Every few weeks I would see my consultant psychiatrist and we would carefully monitor the impact the new medication was having on me. Thankfully, I seemed to tolerate the medication pretty well. These sorts of tablets can be hit and miss for some people, so that felt like a major victory. My medication was increasing gradually nearly every week and I started to see some positive results – the suicidal thoughts began to occur less often and my sleep was getting better. It certainly wasn’t perfect though.
In the early part of this recovery, I wasn’t really capable of much. I’d try and watch TV but I’d often get lost in the haze I was experiencing. I’d often have to rewatch crucial bits of programmes several times to try and work out what was going on. Not like me at all.
I reverted to what I call “simple yet rewarding” tasks. Things I could do easily, without much effort and I could stand back and get at least some sense of achievement. One afternoon, I planted a holly bush in a pot. It took me 10 minutes but it gave me a greater sense of achievement and uplift in my mood than anything had in that month had. I was so proud of it, it seems, I got my father to take a photo of it:
Inspired by that, I did things like moving books around on my bookshelves. Only 5 or 10 minutes a day. But I could stand back and feel like I’d achieved something, even if that was the only meaningful thing I’d done that day. It doesn’t sound all that exciting or fulsome now I’m sure as you read this but it meant a lot to me at the time. Compare that to my usual complicated work as a lawyer and you can understand how basic we are talking.
Crucial I think to my escape from that period was being strict on using my phone and social media. For at least two weeks, I would give my phone to my mother in the evenings so I couldn’t take it to bed and I’d often not look at it bar an hour or so in the evening all day. It was refreshing and liberating. It certainly helped. I stopped all social media and bar a few messages with friends and that I didn’t really have much contact with the outside world.
There were points where I wondered if I’d ever be well again? I contemplated what my life would be like if I couldn’t get out of this patch. Thankfully I didn’t dwell on that too often but it was a recurrent thought around that time.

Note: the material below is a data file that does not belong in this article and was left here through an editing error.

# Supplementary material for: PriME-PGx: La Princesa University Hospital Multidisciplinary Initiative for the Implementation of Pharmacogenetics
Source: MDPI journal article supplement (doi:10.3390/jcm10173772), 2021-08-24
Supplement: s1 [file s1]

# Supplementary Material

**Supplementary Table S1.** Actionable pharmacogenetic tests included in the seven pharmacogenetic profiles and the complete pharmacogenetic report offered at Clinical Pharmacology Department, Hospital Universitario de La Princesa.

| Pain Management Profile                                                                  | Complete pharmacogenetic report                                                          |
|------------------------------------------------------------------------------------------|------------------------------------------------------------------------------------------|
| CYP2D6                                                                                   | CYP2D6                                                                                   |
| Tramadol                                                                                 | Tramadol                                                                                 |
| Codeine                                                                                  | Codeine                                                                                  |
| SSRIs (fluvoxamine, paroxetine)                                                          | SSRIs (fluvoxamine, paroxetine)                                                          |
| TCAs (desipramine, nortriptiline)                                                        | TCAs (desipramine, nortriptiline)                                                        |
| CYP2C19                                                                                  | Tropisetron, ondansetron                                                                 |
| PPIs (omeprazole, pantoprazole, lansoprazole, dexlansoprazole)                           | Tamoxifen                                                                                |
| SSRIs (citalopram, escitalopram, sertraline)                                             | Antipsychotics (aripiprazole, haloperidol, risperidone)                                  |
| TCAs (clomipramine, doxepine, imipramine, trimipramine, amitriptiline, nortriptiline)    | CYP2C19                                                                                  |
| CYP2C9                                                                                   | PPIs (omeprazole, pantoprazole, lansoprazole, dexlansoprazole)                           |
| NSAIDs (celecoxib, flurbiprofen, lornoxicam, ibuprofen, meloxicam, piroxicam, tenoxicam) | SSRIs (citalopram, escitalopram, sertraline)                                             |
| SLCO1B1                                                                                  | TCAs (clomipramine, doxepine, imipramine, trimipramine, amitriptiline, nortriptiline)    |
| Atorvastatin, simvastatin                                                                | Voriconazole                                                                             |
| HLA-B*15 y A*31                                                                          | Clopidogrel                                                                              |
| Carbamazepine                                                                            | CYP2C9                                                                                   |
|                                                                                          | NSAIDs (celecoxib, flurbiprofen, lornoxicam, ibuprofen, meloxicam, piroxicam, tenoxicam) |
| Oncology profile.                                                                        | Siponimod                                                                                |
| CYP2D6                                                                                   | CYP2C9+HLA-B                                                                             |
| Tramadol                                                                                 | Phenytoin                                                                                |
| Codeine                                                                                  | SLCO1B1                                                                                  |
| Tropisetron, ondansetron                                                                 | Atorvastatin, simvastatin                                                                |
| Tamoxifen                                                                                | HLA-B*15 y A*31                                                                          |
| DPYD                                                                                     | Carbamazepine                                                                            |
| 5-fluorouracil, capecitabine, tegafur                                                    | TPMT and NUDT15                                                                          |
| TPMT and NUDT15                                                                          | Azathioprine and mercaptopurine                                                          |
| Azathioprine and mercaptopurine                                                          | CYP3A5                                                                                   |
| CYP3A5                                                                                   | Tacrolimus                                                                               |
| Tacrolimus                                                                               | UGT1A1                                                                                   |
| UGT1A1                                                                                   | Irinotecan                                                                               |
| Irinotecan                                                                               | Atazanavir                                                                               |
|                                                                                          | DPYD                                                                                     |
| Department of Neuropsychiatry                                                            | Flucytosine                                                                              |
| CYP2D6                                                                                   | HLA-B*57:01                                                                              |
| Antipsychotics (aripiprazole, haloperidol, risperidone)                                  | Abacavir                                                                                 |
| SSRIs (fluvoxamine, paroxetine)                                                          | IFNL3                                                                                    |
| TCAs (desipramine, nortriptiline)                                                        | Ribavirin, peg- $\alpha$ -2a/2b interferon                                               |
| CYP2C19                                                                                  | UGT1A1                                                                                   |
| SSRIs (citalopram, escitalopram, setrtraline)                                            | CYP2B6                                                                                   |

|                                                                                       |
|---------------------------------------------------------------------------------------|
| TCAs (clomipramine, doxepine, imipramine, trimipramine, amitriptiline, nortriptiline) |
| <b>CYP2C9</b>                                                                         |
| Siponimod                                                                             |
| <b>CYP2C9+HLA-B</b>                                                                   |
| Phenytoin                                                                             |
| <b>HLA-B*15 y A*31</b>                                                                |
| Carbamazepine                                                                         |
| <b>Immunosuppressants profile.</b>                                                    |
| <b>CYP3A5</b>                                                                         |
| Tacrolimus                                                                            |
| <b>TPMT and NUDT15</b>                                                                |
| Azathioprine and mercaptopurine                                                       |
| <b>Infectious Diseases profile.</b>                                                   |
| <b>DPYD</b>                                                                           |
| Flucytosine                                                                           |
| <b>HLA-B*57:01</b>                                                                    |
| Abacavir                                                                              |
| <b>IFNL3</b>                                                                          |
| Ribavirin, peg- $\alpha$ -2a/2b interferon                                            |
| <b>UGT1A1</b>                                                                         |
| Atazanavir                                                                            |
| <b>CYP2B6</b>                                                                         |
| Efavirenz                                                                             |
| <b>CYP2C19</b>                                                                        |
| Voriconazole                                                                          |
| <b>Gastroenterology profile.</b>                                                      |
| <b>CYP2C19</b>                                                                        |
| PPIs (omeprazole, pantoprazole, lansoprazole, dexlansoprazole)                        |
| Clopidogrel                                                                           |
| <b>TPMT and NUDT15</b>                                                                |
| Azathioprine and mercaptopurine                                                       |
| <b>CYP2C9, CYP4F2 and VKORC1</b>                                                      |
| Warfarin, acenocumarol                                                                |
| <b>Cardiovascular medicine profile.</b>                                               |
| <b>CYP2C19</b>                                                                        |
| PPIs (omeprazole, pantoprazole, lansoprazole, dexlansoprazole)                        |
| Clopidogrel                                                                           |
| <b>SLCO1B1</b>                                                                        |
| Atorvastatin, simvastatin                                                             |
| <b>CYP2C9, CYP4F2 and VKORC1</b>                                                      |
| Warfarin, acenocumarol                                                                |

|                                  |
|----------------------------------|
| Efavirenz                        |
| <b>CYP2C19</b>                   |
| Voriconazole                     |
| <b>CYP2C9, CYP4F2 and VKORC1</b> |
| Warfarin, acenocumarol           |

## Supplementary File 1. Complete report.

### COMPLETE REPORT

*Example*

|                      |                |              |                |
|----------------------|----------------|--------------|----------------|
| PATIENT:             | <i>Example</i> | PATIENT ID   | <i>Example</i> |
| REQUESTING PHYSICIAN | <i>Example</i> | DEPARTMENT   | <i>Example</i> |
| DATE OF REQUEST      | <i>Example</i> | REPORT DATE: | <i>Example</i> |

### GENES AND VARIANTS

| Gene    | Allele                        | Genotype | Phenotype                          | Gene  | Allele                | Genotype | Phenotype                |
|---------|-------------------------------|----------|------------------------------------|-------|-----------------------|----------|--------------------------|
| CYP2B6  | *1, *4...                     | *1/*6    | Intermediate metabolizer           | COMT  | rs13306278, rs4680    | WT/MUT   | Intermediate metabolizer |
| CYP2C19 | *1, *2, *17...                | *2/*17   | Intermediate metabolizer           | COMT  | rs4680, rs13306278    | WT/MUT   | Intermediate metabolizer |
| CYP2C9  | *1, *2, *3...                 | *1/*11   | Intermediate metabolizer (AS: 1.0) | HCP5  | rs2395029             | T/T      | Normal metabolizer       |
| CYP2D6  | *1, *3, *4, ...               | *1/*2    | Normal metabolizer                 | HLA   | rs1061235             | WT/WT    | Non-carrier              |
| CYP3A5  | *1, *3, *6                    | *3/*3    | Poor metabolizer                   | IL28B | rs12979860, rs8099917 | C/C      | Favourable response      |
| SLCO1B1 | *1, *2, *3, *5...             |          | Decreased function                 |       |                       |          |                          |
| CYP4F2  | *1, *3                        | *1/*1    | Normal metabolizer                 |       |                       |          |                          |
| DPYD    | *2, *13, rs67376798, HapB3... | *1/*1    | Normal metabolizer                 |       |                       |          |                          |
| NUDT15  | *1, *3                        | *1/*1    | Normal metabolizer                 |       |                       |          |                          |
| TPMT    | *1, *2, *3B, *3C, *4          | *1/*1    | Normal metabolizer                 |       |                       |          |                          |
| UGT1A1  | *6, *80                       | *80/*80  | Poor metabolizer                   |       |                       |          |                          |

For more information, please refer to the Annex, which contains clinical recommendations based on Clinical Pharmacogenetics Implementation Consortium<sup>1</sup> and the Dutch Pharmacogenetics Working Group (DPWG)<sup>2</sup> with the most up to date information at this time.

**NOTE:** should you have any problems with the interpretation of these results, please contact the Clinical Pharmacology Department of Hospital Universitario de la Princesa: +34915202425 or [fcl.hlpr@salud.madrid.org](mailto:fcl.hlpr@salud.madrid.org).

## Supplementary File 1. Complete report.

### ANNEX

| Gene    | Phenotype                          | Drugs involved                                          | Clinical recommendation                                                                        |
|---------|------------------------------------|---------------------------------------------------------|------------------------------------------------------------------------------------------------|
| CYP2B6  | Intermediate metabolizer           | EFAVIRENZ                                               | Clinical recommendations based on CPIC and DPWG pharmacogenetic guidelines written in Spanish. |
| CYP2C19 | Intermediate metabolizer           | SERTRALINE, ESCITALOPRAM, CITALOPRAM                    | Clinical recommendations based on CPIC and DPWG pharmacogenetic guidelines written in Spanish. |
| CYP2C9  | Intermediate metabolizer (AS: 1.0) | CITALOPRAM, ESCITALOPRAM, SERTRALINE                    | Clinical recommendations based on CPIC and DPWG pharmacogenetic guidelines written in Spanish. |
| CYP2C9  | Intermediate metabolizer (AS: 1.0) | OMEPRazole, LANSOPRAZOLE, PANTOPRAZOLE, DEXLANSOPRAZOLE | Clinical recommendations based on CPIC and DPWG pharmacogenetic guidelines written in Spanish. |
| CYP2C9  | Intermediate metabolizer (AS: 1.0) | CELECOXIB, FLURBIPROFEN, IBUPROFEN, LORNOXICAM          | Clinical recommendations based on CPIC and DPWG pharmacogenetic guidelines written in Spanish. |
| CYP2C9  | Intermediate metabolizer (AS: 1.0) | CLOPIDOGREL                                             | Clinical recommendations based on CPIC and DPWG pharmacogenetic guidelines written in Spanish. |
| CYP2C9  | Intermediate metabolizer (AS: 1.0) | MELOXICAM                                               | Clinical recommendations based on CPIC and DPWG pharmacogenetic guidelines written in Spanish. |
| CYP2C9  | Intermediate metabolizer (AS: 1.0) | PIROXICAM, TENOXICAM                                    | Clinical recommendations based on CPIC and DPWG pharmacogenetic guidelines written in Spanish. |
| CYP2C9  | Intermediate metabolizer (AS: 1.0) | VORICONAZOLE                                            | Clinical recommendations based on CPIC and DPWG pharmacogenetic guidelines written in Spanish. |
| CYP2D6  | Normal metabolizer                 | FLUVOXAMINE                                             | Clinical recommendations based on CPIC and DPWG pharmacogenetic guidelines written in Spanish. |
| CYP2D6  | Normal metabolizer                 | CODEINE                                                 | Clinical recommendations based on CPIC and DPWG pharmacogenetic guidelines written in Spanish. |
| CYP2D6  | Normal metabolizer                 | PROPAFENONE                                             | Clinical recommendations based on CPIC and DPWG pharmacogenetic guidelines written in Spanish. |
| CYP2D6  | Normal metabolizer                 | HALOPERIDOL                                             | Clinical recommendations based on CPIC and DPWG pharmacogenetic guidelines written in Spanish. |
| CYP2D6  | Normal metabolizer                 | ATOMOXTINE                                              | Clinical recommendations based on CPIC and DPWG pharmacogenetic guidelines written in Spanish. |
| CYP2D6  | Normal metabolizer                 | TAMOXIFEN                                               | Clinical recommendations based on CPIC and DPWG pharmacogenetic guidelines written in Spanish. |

As we rolled through February I was beginning to feel like I was starting to get better. The deep depression and anxiety I had felt was not as deep and not as bad. It felt more under control. I wasn’t better, but I was getting better.
I continued with my weekly CBT and visits to see my consultant. They were pleased with progress, so was I. It was time towards the end of February for me to go back to London and go back to work – a phased return again. I’d split my time between Wales and London, so I could continue my recovery at home but start to get a sense of routine and normality back into my life.
As I boarded the train in Cardiff Central to London Paddington, I realised this train journey summed up my future now. You’ve made it this far, but there’s still a whole journey to go. That’s how I felt. I still had months and months of recovery and work to do to get back to where I was. I’d escaped the very worst part but this was really only the beginning. I needed to learn to live properly with this condition. It wasn’t going to defeat me. Not for a second.
I want to thank the group of people who have acted as the ‘review board’ for the What Have You Got To Be Miserable About? series of posts. Their guidance was invaluable and they, along with some others, also contributed massively to my recovery, for which I’ll be forever grateful.
I have been truly overwhelmed by the reaction these three blog posts have received. I expected maybe my friends and family would comment and say they liked them. But I have received hundreds of comments, likes, shares, tweets, retweets and private messages since they’ve been posted. Many have shared their own struggles with me and I’ve been touched by their honesty and openness but also worried. I’m worried how widespread the issue of mental illness is. The statistics are shocking but if the messages I’ve received are anything to go by, the reality is far worse.
The plan when I started this blog was to write these three posts – which I found, in a strange way, therapeutic and a useful record for my own purposes – and stop. I didn’t plan to continue.
However, I’ve been inspired by what people have said to me and the reaction these posts have received.
That’s why I’ve decided I will continue writing. I want to continue the conversation that I seem to have started, entirely by accident. There’ll be no fixed schedule – I prefer it that way. I’ll document from time to time how my recovery is going and how my condition is.
However, next I’m going to write a short series on things which have helped me through my depression and anxiety, in the hope it can serve some use for others. So next will be ‘The Power of …’ series of posts and here’s what I’ll cover, in no particular order (as they say on X Factor):
- The Power of … the Simple & Rewarding – about how I found some simple tasks massively rewarding and some of the things I tried which worked and didn’t work for me;
- The Power of … the Outdoors – how little spells of time spent outside can help bring perspective to an otherwise irrational and horrendous day; and
- The Power of … Family & Friends – perhaps the most important for me. I’ll share some of my experiences of how others have helped, and continue to help, me through my depression and anxiety.
Hopefully they’ll be interesting. They might not be. I haven’t written them yet.
As always, let me know what you think, particularly if things like this have helped you (or if you’ve helped someone else) through depression and anxiety. Over and out.